Venezuela announces ‘radical quarantine’ amid coronavirus surge

President Nicolas Maduro said the quarantine will last for two weeks around the Christian holiday of Easter.

A doctor looks on while monitoring the progress of a patient who is suffering from COVID-19 in Caracas [File: Leonardo Fernandez Viloria/Reuters]
A doctor looks on while monitoring the progress of a patient who is suffering from COVID-19 in Caracas [File: Leonardo Fernandez Viloria/Reuters]

Venezuelan President Nicolas Maduro has announced two weeks of what he referred to as “radical quarantine”, leaving Holy Week celebrations suspended.

“I announce that Holy Week this year will be again in radical quarantine. So we are going to have fourteen days, two weeks of radical quarantine,” he said on Sunday, referring to a period that will encompass the Christian holiday of Easter. About 88 percent of Venezuela’s 28.5 million people are Christian, the vast majority of whom are Catholic.

Maduro had previously announced that the Holy Week would be flexible this year, but took the stricter approach as COVID cases in the country rise and amid threats from the variant of the virus detected in Brazil.

Venezuela, which was already struggling with inadequate healthcare infrastructure as well as shortages of medicines and food before the pandemic, has reported a relatively light toll from the coronavirus, with 151,123 cases and 1,493 deaths confirmed to date.

Maduro has long blamed the country’s dire situation on US sanctions. Washington has maintained the sanctions do not affect the supply of medicines and food.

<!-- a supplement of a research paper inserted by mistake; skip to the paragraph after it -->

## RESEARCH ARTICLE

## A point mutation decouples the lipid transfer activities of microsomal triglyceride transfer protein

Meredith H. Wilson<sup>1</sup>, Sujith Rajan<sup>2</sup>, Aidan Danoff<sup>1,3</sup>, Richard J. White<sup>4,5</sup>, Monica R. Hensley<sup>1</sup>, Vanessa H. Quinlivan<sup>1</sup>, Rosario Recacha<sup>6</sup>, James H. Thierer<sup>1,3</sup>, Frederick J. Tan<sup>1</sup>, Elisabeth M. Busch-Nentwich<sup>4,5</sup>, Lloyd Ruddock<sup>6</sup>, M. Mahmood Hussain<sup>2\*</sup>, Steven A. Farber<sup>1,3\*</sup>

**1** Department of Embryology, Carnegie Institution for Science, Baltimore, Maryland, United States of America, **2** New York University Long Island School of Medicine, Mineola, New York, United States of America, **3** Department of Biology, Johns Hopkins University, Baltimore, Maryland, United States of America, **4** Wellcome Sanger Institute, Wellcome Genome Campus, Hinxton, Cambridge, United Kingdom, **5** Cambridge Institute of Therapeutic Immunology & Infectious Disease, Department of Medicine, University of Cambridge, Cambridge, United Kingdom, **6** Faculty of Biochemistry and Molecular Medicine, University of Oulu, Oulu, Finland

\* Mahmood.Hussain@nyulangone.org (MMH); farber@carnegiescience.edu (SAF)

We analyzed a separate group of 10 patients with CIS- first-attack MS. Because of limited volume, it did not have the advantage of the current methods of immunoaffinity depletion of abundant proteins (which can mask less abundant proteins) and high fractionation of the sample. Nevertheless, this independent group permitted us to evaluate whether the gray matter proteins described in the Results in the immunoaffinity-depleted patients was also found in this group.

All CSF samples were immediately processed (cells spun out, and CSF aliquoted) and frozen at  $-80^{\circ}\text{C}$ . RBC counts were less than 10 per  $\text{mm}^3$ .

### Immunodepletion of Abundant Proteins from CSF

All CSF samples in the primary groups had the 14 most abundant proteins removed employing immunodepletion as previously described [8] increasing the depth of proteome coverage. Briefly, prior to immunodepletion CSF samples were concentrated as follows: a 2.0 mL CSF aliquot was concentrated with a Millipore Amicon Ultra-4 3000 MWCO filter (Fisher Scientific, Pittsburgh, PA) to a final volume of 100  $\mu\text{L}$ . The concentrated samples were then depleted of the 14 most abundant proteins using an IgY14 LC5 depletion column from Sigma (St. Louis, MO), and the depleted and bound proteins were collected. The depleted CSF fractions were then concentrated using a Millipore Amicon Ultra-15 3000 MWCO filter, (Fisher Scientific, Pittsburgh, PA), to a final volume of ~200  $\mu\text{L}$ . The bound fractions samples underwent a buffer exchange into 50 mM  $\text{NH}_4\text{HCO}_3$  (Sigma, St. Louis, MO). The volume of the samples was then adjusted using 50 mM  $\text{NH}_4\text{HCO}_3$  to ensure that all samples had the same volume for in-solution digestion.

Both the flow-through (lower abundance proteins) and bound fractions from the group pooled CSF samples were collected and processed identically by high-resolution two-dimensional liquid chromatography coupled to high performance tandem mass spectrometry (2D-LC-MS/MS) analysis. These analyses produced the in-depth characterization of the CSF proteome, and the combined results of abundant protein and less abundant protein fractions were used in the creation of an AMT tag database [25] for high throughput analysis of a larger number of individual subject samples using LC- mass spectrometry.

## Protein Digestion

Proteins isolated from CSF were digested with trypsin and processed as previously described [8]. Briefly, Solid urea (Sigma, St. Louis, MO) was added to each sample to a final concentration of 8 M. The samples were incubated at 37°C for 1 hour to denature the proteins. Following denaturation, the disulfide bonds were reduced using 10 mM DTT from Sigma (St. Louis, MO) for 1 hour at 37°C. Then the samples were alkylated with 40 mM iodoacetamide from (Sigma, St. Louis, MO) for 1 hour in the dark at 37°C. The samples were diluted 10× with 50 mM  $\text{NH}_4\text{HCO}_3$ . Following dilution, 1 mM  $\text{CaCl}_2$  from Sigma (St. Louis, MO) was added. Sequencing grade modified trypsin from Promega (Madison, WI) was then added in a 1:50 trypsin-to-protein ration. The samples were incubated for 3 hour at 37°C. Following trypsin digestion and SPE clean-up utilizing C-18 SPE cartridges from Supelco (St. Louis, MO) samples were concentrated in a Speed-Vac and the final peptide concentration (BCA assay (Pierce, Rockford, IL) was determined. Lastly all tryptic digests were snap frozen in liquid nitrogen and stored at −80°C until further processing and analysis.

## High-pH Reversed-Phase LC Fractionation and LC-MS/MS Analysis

On Sunday, Maduro reported that the country has 8,872 active COVID-19 cases.

Frozen funds for vaccines

Venezuela has struggled with its vaccine rollout, which began in February using Russia’s Sputnik V and China’s Sinopharm jabs.

Caracas has also reserved between 1.4 million and 2.4 million AstraZeneca doses through the World Health Organization’s COVAX plan. However, last week, Maduro announced that the country would not use the AstraZeneca inoculant due to concerns the vaccine caused blood clots.

Several countries last week also paused their use of the vaccine, with many resuming after health authorities affirmed the doses did not pose a significant safety risk.

Venezuela’s opposition, which is recognised by the US as the legitimate government, has also sought permission to use funds frozen in US accounts to pay for coronavirus vaccines.

In 2018, Washington froze $342m in Venezuelan government funds in US accounts as part of sanctions against Maduro. Washington accuses Maduro of rigging his 2018 re-election.

Source: Al Jazeera and news agencies

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